Britain's House of Lords rejected a controversial plan to extend the amount of time police can hold terror suspects without charge from 28 to 42 days and the government said it would abandon the proposal.
The 309-118 vote came after an impassioned debate Monday, dealing the government a significant defeat. Home Secretary Jacqui Smith said hours after the vote that the government would drop the 42-day clause from the government's counterterrorism bill.
But Smith said a different version would be put into new legislation even though it wouldn't be automatic — prosecutors would have to apply to a court each time they wanted a terror suspect held for that long and Parliament would then have to vote on each case if the court agreed to it.
The government had said the initial proposal — endorsed by the House of Commons in June by a margin of only nine votes — was needed to fight the complex international terrorist threats facing Britain.
Issue divides Britons
The issue has divided Britons in the years since the Sept. 11 attacks raised fears of terrorism. At the time, there was a two-day limit on detention without charge, which could be increased to seven days with court permission.
The government's effort to strengthen counterterrorism provisions gathered pace after suicide bombers killed 52 rush-hour commuters in London in July 2005.
But then-Prime Minister Tony Blair suffered his first major defeat in the House of Commons later that year when he tried to extend the limit to 90 days. Eventually, a 28-day limit was enacted — the longest detention period in 15 Western democracies studied by the British rights group Liberty, according to spokeswoman Jen Corlew.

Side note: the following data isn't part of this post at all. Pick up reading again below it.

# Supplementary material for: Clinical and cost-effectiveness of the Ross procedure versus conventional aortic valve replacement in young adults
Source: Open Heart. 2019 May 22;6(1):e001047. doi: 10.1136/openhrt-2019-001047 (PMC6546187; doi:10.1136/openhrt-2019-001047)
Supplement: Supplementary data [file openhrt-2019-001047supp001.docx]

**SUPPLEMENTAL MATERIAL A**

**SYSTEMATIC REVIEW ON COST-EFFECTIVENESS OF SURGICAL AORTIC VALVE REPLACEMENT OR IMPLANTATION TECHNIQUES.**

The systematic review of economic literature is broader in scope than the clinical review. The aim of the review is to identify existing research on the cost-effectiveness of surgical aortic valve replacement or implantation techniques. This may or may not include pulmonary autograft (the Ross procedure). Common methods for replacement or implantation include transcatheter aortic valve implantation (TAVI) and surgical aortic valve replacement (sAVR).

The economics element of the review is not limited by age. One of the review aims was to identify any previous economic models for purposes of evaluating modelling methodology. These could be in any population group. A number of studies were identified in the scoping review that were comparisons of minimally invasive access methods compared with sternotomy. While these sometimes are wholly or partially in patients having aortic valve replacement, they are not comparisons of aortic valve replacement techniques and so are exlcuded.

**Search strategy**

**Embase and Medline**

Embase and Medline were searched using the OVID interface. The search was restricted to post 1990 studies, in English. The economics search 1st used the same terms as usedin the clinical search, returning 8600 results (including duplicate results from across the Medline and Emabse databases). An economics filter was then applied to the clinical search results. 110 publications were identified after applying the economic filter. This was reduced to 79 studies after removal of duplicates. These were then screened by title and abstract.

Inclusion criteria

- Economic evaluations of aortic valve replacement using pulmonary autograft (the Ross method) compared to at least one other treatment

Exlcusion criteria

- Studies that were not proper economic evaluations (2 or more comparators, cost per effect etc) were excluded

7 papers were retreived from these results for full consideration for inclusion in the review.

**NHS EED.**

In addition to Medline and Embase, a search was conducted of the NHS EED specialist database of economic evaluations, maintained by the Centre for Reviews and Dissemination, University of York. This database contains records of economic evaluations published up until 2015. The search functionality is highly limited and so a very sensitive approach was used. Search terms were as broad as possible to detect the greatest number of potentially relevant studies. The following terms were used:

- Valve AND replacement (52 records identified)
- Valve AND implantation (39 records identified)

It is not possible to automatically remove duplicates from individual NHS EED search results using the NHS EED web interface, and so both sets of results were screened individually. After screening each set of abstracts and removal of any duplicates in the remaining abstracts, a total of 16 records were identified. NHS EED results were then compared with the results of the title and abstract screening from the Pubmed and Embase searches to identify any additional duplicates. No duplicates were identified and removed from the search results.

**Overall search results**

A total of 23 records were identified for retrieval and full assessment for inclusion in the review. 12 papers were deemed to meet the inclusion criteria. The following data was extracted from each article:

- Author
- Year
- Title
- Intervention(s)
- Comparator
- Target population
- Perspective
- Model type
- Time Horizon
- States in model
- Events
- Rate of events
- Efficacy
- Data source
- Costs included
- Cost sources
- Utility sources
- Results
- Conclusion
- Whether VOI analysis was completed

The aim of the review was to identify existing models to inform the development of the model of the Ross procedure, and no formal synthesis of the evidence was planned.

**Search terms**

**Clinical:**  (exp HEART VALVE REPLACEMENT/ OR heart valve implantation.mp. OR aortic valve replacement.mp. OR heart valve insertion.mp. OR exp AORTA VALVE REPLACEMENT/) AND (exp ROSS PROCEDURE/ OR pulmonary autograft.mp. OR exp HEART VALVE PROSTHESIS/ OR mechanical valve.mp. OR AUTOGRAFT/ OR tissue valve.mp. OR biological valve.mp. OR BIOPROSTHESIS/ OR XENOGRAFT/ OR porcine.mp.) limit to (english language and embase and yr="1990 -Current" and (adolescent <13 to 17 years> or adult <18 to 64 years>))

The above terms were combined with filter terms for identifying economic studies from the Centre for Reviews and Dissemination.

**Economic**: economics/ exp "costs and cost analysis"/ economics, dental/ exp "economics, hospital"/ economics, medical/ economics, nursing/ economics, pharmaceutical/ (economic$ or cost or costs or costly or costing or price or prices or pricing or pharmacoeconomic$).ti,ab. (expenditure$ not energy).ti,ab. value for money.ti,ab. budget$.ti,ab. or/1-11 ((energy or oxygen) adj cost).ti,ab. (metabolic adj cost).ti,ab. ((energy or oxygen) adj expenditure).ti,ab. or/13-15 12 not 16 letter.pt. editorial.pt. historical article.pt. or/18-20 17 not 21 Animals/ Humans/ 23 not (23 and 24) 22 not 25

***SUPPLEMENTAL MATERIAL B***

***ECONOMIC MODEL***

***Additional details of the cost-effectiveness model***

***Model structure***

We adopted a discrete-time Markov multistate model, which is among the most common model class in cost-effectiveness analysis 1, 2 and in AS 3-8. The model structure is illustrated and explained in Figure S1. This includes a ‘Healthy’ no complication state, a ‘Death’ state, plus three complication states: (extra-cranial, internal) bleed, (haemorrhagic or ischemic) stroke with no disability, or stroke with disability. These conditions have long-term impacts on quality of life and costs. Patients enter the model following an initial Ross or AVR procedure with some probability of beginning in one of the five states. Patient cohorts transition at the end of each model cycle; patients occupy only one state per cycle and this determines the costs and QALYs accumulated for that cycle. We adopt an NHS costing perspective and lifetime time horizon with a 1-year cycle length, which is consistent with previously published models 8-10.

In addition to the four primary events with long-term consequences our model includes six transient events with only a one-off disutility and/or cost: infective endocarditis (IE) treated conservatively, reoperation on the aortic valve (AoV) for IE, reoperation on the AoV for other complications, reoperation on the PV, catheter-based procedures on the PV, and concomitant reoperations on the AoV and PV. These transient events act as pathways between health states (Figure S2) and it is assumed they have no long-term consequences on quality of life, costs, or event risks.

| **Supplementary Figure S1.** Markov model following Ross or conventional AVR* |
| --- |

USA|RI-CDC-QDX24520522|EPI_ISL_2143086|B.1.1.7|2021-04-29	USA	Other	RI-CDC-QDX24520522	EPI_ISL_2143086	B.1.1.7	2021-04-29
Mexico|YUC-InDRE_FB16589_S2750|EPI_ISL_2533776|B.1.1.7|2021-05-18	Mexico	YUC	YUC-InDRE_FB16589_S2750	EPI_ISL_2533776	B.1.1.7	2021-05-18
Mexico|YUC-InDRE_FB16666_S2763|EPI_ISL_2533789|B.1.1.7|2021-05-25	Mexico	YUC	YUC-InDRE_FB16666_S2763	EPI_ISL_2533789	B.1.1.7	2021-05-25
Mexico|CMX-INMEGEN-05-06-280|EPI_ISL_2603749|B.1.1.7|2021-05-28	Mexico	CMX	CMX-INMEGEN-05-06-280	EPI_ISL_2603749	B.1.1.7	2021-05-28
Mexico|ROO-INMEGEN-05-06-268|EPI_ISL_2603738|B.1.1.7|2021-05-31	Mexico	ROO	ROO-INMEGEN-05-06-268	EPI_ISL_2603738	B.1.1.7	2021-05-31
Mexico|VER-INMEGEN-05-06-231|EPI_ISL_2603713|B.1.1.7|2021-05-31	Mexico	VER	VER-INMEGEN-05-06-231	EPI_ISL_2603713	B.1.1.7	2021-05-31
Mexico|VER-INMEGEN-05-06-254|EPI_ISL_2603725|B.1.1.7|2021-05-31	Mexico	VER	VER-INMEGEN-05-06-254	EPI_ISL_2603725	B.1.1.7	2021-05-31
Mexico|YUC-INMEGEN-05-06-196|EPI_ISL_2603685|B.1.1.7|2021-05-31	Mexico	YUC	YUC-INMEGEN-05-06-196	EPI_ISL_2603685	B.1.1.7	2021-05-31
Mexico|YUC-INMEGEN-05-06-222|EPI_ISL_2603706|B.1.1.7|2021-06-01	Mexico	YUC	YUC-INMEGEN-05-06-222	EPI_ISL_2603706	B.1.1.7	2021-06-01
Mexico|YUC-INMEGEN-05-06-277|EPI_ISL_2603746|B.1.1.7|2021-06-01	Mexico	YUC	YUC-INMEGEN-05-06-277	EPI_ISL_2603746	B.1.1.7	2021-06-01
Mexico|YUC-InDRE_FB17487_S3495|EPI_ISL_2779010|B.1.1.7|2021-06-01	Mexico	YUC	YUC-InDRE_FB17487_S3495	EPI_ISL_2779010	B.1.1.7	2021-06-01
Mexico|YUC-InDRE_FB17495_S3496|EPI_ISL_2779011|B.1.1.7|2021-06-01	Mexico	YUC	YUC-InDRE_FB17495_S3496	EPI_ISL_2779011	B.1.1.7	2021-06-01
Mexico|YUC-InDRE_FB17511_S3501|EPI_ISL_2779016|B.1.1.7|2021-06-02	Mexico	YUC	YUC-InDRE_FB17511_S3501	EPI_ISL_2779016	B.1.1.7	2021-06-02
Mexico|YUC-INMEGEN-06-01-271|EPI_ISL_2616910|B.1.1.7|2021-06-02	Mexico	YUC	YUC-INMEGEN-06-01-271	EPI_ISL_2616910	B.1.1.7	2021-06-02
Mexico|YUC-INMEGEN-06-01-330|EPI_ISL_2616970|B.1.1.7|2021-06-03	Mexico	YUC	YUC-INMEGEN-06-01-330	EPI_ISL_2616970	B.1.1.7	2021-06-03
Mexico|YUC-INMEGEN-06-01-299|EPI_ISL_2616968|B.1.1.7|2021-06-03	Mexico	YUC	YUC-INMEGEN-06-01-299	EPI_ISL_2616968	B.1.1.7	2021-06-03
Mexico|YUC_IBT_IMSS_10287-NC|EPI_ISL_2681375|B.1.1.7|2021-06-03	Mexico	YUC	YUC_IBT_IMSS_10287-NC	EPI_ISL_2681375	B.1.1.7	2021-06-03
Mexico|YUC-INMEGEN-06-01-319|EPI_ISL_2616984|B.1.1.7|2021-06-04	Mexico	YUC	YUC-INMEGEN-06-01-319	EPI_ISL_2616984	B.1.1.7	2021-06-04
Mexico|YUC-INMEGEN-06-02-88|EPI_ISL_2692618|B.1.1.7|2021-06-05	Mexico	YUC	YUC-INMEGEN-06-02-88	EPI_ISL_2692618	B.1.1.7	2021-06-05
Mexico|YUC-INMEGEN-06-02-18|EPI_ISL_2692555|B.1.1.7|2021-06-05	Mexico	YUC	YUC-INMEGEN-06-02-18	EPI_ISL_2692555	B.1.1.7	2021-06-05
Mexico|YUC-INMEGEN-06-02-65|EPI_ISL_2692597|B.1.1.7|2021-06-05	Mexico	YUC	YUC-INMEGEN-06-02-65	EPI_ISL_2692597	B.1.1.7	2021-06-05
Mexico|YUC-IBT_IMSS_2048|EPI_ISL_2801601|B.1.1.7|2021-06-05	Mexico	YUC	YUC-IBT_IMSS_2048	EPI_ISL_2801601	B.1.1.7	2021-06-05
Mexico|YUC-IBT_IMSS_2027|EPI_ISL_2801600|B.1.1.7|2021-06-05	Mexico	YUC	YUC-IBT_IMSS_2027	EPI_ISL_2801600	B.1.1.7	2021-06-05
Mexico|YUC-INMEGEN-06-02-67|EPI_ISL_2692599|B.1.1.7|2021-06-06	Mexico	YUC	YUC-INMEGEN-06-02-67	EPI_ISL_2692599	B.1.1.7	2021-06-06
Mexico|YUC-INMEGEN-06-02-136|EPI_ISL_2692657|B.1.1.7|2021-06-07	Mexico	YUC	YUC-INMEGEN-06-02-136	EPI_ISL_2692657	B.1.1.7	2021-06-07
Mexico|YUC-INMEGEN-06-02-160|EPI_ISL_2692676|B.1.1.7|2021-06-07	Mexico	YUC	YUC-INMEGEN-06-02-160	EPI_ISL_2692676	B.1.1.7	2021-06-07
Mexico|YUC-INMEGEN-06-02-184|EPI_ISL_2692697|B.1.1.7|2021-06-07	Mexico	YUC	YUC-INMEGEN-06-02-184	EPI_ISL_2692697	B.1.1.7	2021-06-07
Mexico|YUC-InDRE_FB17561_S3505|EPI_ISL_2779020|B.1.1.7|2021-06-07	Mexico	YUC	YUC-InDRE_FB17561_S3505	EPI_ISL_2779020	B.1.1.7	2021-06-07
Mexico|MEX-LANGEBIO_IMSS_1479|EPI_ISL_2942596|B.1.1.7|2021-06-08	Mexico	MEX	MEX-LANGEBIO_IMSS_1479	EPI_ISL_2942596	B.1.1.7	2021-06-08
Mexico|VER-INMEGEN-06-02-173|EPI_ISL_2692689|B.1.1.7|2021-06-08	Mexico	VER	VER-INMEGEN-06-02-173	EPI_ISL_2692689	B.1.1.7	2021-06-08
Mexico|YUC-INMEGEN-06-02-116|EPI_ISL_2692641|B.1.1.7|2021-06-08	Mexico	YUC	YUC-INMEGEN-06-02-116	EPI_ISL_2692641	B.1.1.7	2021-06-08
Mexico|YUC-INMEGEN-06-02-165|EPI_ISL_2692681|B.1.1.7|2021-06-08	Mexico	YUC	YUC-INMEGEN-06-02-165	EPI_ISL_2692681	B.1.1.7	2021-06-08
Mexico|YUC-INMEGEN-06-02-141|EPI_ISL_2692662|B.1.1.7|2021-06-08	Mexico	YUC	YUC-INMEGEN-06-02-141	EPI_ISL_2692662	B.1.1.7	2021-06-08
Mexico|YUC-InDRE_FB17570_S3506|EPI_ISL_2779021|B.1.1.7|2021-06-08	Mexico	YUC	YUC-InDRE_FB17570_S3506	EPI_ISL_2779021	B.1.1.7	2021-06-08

A number of prominent politicians, writers and the Council of Europe had attacked the 42-day detention plan as a threat to civil liberties. The council, Europe's top human rights watchdog, said the proposal would have imperiled the right to a fair trial.
Blair and his successor, Prime Minister Gordon Brown, have maintained that extra time is needed to build cases against terrorism suspects because of their extensive contacts overseas and their use of multiple computers.
Andy Hayman, a former police officer who headed London's counterterrorism operations until last year, has said an extension of the detention time allowed before charges are brought is needed to tackle increasingly complex terrorism cases.
Failed terror attacks since 2005
There have been a number of thwarted or failed attacks in Britain since the 2005 commuter bombings. Two men are currently on trial for allegedly trying to ram a flaming Jeep into Glasgow airport in June 2007 after failing to detonate car bombs outside a London nightclub and bus stop.
Opponents of the 42-day measure note that there have not been any cases when 28 days were needed to evaluate a terrorism suspect, and say this shows that the extension to 42 days is unnecessary.
The effort to stop the proposal received a boost this weekend when 42 prominent British writers banded together to denounce the plan as antidemocratic in essays, stories and satires.
Opposition legislator Chris Huhne of the Liberal Democrats called the House of Lords vote "a crushing defeat" for the government and said the government had "completely lost" the argument over the best way to combat terrorism.
The House of Lords, which is not elected, has seen its power curtailed in recent years by a series of reforms, but it still plays an important role by reviewing and voting on legislation passed by the House of Commons.